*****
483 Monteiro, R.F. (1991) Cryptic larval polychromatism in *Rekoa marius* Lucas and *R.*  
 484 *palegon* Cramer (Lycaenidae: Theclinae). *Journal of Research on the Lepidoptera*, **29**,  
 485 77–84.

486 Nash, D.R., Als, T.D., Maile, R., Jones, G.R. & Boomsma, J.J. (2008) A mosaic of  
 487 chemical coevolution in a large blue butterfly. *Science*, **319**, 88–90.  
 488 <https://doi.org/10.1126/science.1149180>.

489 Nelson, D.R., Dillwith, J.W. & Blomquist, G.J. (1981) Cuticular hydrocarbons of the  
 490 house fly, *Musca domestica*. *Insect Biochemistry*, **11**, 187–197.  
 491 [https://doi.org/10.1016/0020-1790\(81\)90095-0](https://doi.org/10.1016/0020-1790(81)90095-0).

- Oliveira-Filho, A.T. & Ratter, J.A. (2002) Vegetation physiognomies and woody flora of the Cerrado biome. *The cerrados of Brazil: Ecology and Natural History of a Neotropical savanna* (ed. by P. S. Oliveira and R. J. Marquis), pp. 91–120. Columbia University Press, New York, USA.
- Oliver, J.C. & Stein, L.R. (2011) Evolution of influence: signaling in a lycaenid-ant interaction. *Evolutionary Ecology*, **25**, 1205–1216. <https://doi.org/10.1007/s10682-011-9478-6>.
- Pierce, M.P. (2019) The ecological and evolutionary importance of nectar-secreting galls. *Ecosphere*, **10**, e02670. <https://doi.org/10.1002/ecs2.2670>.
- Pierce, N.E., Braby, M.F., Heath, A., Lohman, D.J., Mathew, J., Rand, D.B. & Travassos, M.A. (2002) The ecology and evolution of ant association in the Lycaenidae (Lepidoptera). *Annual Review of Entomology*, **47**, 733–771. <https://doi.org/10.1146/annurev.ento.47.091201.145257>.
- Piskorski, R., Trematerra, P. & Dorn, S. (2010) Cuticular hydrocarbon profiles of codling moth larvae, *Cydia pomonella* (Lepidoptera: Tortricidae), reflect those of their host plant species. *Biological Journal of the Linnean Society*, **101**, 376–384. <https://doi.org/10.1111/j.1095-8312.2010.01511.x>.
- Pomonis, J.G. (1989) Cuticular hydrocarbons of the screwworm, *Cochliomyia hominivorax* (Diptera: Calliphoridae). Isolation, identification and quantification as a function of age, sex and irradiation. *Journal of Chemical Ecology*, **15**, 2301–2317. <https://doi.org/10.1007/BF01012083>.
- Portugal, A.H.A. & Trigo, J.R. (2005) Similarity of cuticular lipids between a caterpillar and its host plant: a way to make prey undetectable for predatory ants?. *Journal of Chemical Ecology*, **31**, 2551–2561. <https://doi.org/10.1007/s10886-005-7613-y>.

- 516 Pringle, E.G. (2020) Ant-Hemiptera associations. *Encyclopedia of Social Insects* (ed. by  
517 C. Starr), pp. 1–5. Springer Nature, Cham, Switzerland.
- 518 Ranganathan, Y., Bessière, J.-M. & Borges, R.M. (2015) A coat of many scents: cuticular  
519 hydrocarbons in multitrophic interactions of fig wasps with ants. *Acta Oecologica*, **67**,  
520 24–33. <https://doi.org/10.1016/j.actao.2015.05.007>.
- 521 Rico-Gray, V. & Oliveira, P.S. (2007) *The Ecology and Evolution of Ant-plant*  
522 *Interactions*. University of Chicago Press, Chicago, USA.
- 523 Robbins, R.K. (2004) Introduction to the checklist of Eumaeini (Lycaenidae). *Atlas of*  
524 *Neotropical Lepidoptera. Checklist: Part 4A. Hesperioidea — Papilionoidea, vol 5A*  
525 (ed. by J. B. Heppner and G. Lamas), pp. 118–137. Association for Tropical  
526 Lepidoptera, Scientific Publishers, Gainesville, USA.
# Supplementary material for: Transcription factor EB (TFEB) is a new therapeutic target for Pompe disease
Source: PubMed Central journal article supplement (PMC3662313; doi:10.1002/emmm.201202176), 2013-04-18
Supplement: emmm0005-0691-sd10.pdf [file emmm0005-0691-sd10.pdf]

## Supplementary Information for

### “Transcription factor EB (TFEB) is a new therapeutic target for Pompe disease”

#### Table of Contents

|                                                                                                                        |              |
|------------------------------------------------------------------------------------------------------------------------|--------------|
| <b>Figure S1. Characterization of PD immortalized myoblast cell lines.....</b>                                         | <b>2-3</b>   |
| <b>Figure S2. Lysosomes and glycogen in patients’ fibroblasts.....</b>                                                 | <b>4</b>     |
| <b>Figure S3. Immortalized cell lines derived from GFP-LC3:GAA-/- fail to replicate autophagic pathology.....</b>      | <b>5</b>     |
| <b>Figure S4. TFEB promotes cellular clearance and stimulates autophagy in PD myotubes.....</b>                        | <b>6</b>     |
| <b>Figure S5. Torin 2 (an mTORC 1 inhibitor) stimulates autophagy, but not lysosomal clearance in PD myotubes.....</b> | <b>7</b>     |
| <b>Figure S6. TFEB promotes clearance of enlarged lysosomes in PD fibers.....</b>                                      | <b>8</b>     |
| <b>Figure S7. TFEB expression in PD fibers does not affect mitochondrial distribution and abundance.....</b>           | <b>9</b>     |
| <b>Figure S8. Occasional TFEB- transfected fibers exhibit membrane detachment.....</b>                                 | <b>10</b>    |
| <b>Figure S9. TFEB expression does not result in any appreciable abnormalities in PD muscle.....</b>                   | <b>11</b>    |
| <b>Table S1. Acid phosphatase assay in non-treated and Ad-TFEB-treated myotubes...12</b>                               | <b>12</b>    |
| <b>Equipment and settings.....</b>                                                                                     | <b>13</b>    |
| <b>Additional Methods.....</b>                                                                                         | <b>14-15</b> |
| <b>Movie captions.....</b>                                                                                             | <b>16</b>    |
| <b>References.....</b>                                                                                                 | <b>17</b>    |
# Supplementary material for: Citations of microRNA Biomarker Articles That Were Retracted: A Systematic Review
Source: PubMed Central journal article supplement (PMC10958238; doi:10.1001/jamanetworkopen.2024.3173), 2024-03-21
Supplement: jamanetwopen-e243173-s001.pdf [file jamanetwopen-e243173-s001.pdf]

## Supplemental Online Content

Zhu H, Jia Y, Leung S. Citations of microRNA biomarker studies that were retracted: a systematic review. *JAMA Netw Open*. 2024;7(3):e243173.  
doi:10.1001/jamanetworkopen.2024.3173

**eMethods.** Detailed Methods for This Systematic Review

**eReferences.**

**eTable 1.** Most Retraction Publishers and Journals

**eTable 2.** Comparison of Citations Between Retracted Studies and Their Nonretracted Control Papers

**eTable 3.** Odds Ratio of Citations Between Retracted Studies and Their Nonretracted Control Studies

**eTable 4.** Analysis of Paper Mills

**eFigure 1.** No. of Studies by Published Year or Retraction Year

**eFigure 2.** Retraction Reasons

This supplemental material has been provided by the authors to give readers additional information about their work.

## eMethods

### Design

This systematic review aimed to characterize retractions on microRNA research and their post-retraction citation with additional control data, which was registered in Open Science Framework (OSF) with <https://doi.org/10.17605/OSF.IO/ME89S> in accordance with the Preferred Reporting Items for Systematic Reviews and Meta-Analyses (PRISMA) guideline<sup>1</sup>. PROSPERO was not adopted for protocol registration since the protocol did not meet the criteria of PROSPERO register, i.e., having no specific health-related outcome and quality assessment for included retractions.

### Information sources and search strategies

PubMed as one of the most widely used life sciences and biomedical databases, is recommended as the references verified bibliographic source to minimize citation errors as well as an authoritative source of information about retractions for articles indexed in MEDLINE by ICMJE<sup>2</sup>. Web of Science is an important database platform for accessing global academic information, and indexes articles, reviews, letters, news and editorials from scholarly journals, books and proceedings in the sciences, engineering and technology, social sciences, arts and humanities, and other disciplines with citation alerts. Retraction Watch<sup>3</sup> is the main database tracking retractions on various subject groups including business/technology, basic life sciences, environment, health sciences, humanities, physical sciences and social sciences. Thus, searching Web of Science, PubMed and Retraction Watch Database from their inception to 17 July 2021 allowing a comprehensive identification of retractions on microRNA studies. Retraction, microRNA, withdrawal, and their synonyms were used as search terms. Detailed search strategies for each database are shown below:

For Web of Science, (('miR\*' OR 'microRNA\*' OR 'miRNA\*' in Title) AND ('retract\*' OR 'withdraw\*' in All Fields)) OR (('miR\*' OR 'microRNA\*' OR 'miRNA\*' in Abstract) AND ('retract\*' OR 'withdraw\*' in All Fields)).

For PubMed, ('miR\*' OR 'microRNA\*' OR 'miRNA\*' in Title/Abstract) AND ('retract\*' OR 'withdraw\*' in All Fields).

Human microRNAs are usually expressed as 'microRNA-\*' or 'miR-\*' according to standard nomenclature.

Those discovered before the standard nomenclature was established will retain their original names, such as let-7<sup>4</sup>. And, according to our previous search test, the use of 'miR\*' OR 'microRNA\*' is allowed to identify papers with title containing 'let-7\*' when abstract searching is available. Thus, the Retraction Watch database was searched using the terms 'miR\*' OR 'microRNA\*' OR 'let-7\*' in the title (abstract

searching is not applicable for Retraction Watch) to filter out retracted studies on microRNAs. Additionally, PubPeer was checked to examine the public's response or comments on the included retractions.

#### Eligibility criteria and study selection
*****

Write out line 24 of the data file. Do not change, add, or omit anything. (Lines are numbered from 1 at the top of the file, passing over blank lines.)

- 523 Robbins, R.K. (2004) Introduction to the checklist of Eumaeini (Lycaenidae). *Atlas of*  